Mood is like weather. Moods change and shift without warning, their causes are subtle and at times difficult to predict. With self-observation one may come to notice certain patterns, like feeling particularly irritable during the early spring, or prone to melancholy in the late fall. We may learn certain tricks or develop strategies to shift these moods, but often it feels out of our hands.
We get tripped up in the relationship between mood and action. I have had the experience, and I suspect others have as well, in which I’ve looked forward to some particular event or eagerly awaited the time when I could be available to write or engage in some hobby, only to find when the time arrives that my mood has suddenly shifted and gone sour and now, “I don’t feel like doing it.”
Sometimes this inhibition overcomes the plan and instead of doing the thing we looked forward to doing we do nothing, or engage in usual numbing habits, and the opportunity passes by. Healthy habits we long to integrate go by the wayside. Assignments stay unfinished, paperwork sits in a pile, the novel sits unwritten. This problem is exacerbated by problematic mood states like depression or mania, in which we need that much more energy and focus to do the work that would ground and nourish us. Sometimes our moods are like torrential rain or a tornado; the best we can do is buckle down and wait for it to pass.
I think there are times when our intuition speaks to us and advises us against a course of action, sometimes at a time that feels inconvenient. I am not convinced that this is usually what’s happening when these shifts of mood occur. There is something in us that longs to be actualized in the world, core values that can anchor and inform our lives. There are also parts of us that, for whatever reason, resist these values and resist acting upon our desires for connection, for health, for creative expression, and so forth. Even with this resistance, we can move toward these values and desires. I think we can become more creative and flexible with our responses to mood. We can notice what we always do when a particular mood strikes, and try doing something different. See what happens.
When I decided to commit to exercising, I learned that I rarely if ever am “in the mood” to work out. If I let that mood make my choices, I may sit around the house becoming increasingly mopey and lethargic, not feeling like doing much of anything at all. My mood has not gotten better, it’s worse. If, instead, I decide to go ahead and start exercising, letting myself start slowly and do as much as my body seems inclined to do, I often discover that I walk away from exercising feeling energized, refreshed, and engaged. My mood has vastly improved, and it is not running my life.
I think, like many feelings, mood is telling us something about our experience, but again I see this less as a call to action and more as a weather report. If I’m feeling irritable, then I can proceed through my day with the awareness that I might be irritated and distressed by incidents that would feel negligible on other days. When something like that happens, I can remember to take a breath and temper my response before proceeding. I can admit to my loved ones, “I’m feeling irritable today,” as a good-faith warning to take into consideration. (Not a threat — “Steer clear of me or I’ll bite your head off.”) Sometimes this admission feels uncomfortable because it exposes some of our vulnerability to others, that awareness that we don’t always have it all together and sometimes our thoughts and moods seem to be miscued with the environment.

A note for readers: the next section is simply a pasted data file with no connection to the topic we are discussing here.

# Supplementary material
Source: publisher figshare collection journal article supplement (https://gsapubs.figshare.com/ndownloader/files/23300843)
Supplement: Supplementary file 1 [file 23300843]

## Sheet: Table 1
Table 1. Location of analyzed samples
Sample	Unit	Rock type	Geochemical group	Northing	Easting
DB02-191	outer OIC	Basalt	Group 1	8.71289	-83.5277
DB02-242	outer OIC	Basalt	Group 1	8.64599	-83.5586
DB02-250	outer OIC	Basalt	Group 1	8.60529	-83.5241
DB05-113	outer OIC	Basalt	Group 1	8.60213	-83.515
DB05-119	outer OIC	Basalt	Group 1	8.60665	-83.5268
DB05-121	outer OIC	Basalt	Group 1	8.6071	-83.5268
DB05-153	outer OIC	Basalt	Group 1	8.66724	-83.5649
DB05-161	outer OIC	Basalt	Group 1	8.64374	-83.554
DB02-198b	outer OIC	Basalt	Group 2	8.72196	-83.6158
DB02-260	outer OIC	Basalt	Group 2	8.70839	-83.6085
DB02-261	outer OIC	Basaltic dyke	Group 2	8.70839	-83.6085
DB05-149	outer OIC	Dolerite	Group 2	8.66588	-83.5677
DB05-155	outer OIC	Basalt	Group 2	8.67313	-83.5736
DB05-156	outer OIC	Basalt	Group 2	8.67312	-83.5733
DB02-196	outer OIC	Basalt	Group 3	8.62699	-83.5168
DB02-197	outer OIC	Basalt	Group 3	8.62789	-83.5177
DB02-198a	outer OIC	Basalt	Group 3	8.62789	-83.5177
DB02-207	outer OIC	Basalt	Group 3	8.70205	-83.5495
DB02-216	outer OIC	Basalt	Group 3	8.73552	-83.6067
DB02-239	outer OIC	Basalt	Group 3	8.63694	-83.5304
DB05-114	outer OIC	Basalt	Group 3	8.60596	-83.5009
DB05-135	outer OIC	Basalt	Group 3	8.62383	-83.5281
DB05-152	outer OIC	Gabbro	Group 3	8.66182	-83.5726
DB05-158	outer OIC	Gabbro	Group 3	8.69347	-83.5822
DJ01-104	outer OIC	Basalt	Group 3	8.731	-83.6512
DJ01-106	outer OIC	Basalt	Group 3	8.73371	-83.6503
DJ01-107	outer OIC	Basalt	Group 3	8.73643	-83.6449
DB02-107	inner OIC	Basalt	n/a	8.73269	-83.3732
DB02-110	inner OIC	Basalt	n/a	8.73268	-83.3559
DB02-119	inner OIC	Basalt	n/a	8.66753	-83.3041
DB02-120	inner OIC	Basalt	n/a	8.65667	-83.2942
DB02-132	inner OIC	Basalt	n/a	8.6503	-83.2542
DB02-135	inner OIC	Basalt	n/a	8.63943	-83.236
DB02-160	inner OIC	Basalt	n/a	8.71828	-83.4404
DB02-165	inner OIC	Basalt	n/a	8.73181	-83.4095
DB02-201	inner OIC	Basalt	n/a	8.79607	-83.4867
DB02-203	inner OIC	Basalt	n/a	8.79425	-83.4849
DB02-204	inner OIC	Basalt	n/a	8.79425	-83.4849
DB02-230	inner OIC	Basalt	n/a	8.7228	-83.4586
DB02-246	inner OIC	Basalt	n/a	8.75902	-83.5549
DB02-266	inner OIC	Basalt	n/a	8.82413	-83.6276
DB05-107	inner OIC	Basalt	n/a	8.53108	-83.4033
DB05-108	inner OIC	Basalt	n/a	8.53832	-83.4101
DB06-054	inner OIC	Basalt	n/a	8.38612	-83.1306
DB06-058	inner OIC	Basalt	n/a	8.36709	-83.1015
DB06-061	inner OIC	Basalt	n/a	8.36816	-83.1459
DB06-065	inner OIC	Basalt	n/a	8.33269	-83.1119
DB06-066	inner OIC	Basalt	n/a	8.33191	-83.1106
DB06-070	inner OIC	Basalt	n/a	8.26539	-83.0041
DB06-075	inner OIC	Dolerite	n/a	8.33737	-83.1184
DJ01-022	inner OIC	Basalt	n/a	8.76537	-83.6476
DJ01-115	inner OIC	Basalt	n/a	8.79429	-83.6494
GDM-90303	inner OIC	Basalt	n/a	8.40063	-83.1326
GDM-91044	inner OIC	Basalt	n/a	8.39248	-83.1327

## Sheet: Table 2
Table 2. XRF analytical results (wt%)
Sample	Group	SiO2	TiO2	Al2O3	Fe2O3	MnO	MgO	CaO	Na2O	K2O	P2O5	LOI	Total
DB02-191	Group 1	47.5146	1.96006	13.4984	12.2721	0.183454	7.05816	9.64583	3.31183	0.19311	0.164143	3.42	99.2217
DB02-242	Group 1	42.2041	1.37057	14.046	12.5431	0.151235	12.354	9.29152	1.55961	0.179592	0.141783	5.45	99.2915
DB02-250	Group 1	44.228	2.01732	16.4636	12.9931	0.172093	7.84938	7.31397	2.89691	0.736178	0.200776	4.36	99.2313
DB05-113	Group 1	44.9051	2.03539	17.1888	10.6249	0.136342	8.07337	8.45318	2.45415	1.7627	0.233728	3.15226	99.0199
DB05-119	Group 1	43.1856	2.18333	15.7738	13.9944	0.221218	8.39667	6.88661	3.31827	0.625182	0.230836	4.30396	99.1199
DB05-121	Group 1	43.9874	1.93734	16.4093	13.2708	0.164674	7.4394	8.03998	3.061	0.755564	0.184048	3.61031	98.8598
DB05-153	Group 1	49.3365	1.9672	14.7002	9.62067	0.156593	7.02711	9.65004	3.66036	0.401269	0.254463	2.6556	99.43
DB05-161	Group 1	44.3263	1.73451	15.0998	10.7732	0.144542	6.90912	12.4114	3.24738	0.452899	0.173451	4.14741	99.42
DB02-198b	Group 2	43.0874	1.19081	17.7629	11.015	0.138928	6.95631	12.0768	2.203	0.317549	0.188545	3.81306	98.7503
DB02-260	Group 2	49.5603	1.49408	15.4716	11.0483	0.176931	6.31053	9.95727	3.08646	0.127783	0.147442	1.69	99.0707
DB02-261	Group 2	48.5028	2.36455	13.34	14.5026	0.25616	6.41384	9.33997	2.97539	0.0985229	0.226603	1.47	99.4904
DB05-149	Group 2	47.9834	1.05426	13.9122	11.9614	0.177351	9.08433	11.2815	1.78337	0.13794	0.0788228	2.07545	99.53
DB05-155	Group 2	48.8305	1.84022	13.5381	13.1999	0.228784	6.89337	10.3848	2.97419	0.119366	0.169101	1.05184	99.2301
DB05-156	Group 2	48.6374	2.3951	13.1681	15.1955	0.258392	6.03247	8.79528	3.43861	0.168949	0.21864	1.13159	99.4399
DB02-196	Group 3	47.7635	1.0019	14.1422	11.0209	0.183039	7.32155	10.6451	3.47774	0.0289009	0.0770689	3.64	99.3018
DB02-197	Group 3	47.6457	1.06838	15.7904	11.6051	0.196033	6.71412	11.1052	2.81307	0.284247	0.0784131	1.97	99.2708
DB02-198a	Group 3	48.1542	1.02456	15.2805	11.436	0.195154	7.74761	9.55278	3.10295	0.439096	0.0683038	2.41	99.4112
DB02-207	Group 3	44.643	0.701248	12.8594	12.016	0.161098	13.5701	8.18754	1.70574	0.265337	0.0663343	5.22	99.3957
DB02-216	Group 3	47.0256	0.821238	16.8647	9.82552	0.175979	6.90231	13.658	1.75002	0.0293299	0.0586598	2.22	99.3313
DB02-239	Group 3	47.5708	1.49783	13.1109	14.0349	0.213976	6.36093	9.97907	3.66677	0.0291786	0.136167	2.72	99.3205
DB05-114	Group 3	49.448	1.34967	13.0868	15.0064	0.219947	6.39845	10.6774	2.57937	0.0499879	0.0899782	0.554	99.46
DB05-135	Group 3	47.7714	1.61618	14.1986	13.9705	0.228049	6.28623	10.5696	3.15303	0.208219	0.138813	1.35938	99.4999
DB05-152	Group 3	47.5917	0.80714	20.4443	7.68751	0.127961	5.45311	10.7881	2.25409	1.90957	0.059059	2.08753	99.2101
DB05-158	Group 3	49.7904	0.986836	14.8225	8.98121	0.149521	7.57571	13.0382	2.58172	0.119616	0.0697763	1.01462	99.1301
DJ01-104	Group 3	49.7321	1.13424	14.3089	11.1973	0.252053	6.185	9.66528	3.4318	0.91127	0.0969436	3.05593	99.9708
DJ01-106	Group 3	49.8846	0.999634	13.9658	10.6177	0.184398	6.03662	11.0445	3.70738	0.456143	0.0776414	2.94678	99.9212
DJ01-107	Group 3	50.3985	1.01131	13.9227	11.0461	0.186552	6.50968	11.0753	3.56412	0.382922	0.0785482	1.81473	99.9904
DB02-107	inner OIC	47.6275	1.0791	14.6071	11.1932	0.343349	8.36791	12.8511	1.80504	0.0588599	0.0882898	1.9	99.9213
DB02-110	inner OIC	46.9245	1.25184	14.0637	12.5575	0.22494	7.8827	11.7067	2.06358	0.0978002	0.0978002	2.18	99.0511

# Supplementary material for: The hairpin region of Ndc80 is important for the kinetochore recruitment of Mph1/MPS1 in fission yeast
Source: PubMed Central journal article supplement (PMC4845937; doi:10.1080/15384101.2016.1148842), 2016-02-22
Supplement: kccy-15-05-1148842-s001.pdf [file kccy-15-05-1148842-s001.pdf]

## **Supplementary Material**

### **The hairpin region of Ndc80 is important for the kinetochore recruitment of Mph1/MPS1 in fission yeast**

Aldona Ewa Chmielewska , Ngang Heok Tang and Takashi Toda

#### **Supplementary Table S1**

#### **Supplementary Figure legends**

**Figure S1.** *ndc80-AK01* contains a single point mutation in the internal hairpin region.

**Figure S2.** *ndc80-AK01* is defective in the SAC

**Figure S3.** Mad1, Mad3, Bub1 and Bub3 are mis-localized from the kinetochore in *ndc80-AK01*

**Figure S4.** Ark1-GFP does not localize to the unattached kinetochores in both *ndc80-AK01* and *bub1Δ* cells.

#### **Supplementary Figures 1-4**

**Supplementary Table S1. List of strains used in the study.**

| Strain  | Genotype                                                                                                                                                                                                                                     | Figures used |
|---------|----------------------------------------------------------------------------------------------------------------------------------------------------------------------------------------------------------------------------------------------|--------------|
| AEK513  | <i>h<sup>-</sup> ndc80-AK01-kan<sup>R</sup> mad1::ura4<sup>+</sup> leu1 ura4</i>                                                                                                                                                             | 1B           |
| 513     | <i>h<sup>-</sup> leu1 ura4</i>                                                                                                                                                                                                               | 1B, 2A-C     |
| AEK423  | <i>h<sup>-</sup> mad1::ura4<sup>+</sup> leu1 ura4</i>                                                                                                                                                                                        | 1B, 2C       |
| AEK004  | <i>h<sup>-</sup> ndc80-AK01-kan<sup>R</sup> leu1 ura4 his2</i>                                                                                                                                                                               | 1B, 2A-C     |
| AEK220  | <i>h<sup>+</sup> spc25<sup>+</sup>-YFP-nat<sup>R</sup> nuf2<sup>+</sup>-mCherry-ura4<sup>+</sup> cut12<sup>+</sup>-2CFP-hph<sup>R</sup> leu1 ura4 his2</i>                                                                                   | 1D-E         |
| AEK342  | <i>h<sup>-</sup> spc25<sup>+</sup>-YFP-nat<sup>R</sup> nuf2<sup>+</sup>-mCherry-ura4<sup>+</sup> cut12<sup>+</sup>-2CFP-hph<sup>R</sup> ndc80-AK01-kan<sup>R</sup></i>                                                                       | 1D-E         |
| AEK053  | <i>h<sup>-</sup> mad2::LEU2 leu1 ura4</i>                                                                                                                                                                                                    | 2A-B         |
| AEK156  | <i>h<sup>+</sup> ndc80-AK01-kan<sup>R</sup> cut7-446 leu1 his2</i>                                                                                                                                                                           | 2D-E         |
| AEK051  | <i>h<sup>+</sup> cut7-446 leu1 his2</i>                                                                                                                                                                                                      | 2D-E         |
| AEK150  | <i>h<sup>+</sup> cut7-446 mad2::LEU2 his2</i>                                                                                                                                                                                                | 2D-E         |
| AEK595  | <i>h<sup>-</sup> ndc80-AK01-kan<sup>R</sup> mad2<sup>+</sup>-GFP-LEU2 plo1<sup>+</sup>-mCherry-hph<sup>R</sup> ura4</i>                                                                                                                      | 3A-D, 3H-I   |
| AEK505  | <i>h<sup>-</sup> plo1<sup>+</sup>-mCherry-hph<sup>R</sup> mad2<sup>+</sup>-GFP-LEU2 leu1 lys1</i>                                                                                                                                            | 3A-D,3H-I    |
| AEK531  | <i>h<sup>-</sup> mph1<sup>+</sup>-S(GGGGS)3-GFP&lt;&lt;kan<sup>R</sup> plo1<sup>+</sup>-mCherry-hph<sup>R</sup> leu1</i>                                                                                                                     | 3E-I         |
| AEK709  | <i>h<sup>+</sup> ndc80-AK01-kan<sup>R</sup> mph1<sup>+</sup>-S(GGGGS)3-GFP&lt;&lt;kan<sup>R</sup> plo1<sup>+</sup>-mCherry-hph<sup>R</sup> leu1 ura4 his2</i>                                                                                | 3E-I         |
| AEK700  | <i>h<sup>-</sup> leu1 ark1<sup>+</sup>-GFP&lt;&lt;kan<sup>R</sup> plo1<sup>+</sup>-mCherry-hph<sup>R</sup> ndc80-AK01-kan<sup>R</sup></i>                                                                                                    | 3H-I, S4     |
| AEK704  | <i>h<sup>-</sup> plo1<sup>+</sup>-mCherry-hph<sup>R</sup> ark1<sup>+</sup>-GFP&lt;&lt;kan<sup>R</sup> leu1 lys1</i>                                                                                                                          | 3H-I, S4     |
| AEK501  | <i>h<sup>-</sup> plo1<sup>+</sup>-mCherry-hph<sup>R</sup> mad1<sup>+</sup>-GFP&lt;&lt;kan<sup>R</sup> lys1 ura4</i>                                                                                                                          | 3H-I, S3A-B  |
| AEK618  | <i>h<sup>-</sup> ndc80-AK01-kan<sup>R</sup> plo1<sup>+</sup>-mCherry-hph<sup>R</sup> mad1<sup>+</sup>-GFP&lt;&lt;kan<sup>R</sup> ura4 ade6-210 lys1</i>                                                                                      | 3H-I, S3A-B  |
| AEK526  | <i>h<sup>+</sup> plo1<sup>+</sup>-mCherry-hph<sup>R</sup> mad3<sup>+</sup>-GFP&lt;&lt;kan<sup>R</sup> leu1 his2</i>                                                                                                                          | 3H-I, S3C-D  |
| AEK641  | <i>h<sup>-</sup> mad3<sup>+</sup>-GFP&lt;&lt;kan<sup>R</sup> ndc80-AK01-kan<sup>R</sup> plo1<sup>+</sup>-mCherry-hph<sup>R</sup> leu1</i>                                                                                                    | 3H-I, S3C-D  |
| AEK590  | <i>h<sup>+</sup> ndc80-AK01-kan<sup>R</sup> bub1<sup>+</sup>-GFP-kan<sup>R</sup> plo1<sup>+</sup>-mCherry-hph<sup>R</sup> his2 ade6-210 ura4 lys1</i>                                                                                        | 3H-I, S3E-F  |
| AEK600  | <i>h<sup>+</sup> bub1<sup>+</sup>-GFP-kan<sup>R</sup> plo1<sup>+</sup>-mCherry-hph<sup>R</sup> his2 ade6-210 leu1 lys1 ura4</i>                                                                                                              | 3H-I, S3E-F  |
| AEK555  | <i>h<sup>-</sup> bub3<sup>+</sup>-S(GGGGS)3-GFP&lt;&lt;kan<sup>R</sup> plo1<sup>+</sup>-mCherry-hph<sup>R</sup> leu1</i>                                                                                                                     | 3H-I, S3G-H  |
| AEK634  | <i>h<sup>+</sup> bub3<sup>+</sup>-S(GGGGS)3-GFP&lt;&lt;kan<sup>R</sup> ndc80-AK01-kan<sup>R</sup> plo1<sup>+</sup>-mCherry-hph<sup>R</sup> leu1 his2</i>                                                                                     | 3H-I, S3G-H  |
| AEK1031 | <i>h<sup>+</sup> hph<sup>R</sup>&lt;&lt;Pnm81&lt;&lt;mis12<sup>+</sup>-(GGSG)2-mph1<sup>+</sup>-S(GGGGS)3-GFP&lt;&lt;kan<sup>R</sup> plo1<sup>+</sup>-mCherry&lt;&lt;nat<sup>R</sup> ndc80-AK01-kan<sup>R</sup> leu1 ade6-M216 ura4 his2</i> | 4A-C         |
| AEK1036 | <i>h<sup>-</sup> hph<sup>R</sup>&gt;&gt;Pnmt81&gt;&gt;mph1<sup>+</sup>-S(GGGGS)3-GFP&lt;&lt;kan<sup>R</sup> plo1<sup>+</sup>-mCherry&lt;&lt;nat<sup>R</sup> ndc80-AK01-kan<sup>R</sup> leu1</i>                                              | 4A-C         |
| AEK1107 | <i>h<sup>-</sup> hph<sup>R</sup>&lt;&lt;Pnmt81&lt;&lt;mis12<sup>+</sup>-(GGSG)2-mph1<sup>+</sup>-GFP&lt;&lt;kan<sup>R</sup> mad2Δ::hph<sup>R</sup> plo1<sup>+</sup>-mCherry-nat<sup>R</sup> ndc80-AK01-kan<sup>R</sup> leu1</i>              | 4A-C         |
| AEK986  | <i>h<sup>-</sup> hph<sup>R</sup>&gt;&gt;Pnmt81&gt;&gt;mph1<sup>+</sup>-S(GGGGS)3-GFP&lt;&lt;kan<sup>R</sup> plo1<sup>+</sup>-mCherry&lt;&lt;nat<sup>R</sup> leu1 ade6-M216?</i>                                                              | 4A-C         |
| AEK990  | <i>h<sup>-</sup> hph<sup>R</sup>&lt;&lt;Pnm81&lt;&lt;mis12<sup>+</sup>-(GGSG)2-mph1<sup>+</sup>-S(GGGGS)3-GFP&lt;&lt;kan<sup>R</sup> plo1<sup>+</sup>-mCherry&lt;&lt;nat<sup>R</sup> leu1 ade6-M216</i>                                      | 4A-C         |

I don’t advocate wholly ignoring mood. I seek integrity between “what I feel like doing” and “what I want and need to do.” I often think of an integrated life as a sailing ship. I have this vision of my destination and the path I need to take to arrive. Without that goal, I am simply listing about in the ocean. Yet I need to account for how the wind and tides move so I can harness those energies toward my goal. Some days I may only go forward a little bit, other days I may go forward a lot.
Recently I noticed I was becoming more irritable and feeling overwhelmed, and I decided to create a vacation for myself in which I didn’t go anywhere but took a break from some of my responsibilities. I still engaged in some of the core practices that help me to feel healthy and satisfied with my life, like exercise, writing, and spiritual practice. Part of me longed to withdraw completely but I chose to spend time with friends. I decided to approach this slowly, as I would with exercise: I will just show up and offer as much as I am willing to do. I will slow down. I will breathe through the impulse to rush and add tasks to my to-do list. I will listen for what I want in the moment.